A similar test run was carried out at the Senegal CSL located at Dakar-Ouakam Air Base, which can also host 200 Marines and the support personnel necessary to sustain and transport them. “What the CSL offers is the ability to forward-stage our forces to respond to any type of crisis,” Lorenzo Armijo, an operations officer with SPMAGTF-CR-AF, told a military reporter. “That crisis can range in the scope of military operations from embassy reinforcement to providing humanitarian assistance.”
Another CSL, mentioned in a July 2012 briefing by U.S. Army Africa, is located in Entebbe, Uganda. From there, according to a "Washington Post" investigation, U.S. contractors have flown surveillance missions using innocuous-looking turboprop airplanes. “The AFRICOM strategy is to have a very light touch, a light footprint, but nevertheless facilitate special forces operations or ISR [intelligence, surveillance, and reconnaissance] detachments over a very wide area,” Reeve says. “To do that they don’t need very much basing infrastructure, they need an agreement to use a location, basic facilities on the ground, a stockpile of fuel, but they also can rely on private contractors to maintain a number of facilities so there aren’t U.S. troops on the ground.”
U.S. Army Africa briefing slide from 2012 detailing work at the Entebbe CSL
The Outpost Archipelago
AFRICOM ignored my requests for further information on CSLs and for the designations of other outposts on the continent, but according to a 2014 article in Army Sustainment on “Overcoming Logistics Challenges in East Africa,” there are also “at least nine forward operating locations, or FOLs.” A 2007 Defense Department news release referred to an FOL in Charichcho, Ethiopia. The U.S. military also utilizes “Forward Operating Location Kasenyi” in Kampala, Uganda. A 2010 report by the Government Accountability Office mentioned forward operating locations in Isiolo and Manda Bay, both in Kenya.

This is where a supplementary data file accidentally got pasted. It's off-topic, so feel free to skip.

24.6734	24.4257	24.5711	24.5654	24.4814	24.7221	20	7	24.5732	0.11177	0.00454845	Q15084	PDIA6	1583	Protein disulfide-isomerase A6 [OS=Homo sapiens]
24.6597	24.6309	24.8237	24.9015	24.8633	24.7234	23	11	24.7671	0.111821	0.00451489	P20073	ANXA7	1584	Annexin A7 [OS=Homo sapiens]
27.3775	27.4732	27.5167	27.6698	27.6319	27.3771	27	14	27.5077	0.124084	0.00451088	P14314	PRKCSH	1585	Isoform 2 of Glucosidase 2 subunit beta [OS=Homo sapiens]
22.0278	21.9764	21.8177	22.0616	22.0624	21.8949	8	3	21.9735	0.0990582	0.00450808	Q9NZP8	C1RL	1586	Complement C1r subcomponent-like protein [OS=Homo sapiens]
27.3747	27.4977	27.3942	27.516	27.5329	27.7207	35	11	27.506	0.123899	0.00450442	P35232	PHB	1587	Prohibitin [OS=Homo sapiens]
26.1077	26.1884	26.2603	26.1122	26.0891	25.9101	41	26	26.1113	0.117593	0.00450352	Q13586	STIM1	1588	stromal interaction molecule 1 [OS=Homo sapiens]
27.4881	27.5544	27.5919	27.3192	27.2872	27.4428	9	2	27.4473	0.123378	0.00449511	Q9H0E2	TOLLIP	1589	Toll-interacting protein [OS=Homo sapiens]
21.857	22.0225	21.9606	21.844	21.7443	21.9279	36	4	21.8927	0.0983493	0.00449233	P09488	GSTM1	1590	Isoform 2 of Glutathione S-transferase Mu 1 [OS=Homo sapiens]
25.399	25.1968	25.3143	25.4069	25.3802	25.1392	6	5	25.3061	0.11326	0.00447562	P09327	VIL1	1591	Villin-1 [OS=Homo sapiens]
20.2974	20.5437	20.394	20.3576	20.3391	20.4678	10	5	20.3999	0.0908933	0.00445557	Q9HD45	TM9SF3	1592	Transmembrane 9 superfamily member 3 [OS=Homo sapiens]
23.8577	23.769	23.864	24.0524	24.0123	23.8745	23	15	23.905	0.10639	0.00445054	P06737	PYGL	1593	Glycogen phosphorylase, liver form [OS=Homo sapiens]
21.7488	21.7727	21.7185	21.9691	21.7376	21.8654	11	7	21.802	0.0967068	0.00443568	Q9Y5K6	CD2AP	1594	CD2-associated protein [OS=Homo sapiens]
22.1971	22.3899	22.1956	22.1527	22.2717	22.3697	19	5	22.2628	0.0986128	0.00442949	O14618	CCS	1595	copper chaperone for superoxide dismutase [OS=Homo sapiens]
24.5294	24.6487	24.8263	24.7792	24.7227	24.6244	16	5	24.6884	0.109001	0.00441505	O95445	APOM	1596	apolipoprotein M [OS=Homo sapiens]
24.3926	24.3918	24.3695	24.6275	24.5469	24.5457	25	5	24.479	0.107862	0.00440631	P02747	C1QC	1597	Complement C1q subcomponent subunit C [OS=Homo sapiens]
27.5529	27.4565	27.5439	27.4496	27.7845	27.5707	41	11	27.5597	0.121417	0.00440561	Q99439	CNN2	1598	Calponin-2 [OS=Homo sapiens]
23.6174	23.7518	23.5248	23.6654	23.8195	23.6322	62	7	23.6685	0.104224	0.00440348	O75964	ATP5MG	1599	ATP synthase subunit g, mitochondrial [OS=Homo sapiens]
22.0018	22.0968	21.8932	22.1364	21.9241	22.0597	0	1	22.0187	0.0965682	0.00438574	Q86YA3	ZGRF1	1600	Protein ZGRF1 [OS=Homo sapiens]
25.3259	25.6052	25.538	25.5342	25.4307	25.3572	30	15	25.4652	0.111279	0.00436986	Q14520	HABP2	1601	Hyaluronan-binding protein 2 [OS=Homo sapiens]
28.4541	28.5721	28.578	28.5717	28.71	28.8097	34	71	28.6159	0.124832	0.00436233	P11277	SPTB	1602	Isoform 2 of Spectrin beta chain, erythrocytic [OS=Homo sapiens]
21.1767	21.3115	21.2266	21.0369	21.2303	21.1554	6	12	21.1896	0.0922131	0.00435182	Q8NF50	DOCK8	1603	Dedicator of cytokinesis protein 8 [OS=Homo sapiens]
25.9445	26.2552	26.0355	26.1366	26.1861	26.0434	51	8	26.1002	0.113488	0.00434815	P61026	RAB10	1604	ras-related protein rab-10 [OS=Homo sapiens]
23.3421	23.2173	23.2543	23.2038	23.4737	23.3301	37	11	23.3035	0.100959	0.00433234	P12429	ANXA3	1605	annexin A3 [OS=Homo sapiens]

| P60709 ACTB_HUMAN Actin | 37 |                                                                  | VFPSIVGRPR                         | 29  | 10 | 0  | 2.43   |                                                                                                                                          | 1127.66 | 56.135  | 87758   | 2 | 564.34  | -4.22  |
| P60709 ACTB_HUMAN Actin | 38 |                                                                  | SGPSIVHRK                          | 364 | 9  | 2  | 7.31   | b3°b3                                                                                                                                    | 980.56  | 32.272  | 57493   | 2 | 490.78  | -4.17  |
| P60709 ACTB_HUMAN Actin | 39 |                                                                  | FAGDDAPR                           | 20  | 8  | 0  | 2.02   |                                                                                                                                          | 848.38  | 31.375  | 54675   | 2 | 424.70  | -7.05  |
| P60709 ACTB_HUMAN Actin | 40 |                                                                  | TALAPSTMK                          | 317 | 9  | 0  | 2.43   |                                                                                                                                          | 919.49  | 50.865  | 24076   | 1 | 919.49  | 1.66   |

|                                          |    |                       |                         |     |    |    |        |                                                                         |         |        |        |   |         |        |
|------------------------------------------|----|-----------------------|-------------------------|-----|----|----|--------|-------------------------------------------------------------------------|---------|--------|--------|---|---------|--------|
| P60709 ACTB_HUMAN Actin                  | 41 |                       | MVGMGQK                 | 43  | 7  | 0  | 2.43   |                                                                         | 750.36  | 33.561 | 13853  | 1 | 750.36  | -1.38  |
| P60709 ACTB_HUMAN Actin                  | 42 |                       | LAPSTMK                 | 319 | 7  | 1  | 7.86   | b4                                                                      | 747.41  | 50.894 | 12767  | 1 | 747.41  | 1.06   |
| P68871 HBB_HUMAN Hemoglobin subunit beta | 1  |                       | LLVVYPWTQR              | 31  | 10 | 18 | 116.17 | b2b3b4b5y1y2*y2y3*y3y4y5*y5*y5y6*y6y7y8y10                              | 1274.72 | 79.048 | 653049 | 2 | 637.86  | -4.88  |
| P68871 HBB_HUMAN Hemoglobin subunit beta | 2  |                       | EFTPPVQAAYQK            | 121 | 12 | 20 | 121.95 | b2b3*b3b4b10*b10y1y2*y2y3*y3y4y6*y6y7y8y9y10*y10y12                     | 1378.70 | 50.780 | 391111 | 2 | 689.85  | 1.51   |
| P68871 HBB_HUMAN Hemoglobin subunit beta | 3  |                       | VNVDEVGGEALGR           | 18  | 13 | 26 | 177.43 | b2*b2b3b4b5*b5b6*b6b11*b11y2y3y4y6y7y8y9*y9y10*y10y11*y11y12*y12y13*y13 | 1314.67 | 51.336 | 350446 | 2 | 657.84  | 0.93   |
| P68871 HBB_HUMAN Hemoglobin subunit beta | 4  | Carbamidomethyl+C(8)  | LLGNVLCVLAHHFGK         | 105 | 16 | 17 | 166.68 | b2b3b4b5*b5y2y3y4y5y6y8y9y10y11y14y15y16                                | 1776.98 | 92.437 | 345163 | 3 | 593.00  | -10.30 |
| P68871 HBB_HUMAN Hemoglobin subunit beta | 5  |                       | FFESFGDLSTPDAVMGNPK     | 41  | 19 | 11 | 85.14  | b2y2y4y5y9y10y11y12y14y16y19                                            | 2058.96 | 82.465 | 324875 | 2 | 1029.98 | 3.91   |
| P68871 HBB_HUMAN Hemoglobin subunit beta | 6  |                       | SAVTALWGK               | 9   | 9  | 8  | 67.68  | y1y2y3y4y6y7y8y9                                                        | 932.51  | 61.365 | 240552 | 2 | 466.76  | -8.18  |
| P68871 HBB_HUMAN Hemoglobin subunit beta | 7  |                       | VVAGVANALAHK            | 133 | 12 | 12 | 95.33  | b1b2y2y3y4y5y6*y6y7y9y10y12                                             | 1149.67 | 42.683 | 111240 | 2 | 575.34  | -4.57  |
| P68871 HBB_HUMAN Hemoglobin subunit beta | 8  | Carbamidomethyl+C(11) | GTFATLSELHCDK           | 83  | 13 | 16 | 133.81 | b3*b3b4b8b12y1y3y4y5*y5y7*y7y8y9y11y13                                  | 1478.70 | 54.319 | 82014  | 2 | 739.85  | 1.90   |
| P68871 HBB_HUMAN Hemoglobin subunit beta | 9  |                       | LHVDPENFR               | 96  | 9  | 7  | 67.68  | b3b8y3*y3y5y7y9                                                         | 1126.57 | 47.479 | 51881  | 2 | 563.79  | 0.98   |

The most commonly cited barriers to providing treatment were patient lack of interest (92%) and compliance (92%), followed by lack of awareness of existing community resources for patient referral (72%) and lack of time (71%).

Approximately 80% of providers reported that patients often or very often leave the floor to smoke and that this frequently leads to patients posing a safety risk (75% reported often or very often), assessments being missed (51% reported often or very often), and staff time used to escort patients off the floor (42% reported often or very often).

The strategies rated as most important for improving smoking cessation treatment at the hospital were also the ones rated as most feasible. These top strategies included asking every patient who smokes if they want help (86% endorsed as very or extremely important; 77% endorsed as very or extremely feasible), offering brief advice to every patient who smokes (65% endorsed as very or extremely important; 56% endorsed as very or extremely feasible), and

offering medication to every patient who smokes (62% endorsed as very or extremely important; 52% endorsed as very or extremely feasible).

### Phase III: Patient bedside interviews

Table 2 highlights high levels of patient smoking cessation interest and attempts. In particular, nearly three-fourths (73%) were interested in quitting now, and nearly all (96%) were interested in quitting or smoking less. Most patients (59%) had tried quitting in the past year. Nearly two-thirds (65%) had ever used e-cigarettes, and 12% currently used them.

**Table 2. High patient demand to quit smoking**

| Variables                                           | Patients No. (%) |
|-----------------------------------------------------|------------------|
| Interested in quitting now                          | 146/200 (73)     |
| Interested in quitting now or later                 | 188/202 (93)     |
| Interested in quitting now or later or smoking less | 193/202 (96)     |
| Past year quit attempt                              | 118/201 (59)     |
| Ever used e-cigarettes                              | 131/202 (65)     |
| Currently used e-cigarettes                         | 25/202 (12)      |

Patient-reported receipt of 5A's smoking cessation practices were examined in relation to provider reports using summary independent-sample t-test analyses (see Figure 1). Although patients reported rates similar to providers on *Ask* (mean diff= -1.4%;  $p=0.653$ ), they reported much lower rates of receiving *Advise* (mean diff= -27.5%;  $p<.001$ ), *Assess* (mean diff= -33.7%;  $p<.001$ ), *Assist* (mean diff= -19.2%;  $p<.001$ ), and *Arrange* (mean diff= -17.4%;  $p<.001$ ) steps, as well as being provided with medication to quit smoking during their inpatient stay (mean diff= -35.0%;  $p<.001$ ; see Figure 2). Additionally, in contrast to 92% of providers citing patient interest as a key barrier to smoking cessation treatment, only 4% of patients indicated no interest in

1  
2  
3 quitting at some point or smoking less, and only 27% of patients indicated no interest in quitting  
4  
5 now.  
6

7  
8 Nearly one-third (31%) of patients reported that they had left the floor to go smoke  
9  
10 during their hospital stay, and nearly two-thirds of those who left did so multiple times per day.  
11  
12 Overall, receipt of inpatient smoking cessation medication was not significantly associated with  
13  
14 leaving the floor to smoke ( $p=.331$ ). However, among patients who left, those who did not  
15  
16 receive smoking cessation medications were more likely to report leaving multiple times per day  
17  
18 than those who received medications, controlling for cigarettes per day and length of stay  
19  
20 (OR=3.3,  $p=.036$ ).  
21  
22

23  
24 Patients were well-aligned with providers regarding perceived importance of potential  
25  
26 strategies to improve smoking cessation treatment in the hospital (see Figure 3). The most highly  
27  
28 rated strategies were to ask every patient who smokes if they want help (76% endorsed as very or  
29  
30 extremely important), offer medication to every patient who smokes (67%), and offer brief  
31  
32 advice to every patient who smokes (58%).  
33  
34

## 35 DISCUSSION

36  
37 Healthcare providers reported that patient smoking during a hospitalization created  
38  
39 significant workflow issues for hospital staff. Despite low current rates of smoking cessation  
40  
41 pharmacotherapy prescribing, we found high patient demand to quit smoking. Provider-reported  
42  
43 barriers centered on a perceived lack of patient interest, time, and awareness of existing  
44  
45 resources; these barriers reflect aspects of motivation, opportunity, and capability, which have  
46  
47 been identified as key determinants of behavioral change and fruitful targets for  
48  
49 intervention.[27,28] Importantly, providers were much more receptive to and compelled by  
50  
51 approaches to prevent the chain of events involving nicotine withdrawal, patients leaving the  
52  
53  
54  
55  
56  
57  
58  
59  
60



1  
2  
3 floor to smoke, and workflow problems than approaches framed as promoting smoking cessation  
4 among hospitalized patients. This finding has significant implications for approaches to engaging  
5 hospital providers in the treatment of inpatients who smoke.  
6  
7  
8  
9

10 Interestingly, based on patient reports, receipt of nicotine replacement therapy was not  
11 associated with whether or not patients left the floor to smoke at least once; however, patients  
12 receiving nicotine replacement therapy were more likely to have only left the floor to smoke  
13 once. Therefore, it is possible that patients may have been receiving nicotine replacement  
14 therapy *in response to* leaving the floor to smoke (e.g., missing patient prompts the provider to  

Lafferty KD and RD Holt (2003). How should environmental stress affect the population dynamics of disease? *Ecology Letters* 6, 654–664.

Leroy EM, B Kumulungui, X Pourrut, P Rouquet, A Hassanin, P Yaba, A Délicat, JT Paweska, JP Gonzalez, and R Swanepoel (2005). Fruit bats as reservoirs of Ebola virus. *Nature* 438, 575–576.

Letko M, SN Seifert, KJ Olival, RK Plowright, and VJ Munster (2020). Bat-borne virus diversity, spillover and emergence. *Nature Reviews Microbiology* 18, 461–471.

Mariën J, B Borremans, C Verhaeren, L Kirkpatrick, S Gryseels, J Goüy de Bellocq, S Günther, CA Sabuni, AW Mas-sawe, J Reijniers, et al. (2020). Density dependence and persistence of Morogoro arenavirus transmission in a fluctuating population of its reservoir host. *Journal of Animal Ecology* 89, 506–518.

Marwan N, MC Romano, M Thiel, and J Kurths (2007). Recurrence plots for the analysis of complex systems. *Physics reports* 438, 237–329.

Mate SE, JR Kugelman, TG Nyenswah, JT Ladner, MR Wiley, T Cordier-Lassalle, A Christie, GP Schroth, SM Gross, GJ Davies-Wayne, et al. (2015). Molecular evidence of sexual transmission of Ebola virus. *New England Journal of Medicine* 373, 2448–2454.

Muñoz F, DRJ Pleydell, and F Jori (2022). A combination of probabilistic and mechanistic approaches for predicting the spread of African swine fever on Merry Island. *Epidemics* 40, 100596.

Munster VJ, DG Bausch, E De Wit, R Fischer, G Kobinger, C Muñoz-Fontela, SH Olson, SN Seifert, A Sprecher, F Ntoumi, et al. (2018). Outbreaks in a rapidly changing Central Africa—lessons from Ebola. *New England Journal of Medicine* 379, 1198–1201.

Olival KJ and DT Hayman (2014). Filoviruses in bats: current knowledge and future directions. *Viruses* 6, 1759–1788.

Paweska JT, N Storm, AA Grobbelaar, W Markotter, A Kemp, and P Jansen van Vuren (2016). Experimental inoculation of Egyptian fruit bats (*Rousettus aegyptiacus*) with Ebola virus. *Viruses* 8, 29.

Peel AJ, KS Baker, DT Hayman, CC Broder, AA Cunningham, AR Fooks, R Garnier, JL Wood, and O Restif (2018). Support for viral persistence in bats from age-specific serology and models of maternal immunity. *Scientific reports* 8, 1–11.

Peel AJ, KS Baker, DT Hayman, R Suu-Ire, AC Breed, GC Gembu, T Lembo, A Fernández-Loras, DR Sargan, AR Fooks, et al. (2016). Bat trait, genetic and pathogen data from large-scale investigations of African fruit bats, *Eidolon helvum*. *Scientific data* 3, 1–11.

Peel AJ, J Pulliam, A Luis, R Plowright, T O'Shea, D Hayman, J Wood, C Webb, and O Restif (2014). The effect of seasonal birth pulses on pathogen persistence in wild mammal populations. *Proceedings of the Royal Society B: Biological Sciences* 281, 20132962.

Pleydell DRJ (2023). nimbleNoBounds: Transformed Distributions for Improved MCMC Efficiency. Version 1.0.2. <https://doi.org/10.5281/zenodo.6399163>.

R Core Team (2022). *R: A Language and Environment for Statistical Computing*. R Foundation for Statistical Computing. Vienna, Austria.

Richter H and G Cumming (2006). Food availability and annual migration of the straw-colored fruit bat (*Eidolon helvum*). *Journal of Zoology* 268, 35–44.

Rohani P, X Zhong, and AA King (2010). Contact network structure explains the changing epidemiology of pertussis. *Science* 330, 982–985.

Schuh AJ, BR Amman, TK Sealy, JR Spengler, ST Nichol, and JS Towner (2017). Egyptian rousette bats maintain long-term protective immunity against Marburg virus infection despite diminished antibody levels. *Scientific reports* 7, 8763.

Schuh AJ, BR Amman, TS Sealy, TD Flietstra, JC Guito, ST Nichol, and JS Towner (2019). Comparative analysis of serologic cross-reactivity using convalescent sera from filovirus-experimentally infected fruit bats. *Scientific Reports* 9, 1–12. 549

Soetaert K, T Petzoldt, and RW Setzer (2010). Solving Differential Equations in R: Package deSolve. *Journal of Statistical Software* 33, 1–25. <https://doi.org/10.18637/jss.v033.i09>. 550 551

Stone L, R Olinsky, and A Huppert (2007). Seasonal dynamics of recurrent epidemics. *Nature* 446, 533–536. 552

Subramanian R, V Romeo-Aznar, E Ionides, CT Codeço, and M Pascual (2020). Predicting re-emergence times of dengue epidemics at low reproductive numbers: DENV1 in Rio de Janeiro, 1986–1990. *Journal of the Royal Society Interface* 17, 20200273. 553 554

Camp Simba in Manda Bay has, in fact, seen significant expansion in recent years. In 2013, Navy Seabees, for example, worked 24-hour shifts to extend its runway to enable larger aircraft like C-130s to land there, while other projects were initiated to accommodate greater numbers of troops in the future, including increased fuel and potable water storage, and more latrines. The base serves as a home away from home for Navy personnel and Army Green Berets among other U.S. troops and, as recently revealed at the "Intercept," plays an integral role in the secret drone assassination program aimed at militants in neighboring Somalia as well as in Yemen.
Drones have played an increasingly large role in this post-9/11 build-up in Africa. MQ-1 Predators have, for instance, been based in Chad’s capital, N’Djamena, while their newer, larger, more far-ranging cousins, MQ-9 Reapers, have been flown out of Seychelles International Airport. As of June 2012, according to the "Intercept," two contractor-operated drones, one Predator and one Reaper, were based in Arba Minch, Ethiopia, while a detachment with one Scan Eagle (a low-cost drone used by the Navy) and a remotely piloted helicopter known as an MQ-8 Fire Scout operated off the coast of East Africa. The U.S. also recently began setting up a base in Cameroon for unarmed Predators to be used in the battle against Boko Haram militants.
U.S. Army Africa briefing slide from 2013 obtained by "TomDispatch" via the Freedom of Information Act
In February 2013, the U.S. also began flying Predator drones out of Niger’s capital, Niamey. A year later, Captain Rick Cook, then chief of U.S. Africa Command’s Engineer Division, mentioned the potential for a new “base-like facility” that would be “semi-permanent” and “capable of air operations” in that country. That September, the "Washington Post"’s Craig Whitlock exposed plans to base drones at a second location there, Agadez. Within days, the U.S. Embassy in Niamey announced that AFRICOM was, indeed, “assessing the possibility of establishing a temporary, expeditionary contingency support location in Agadez, Niger.”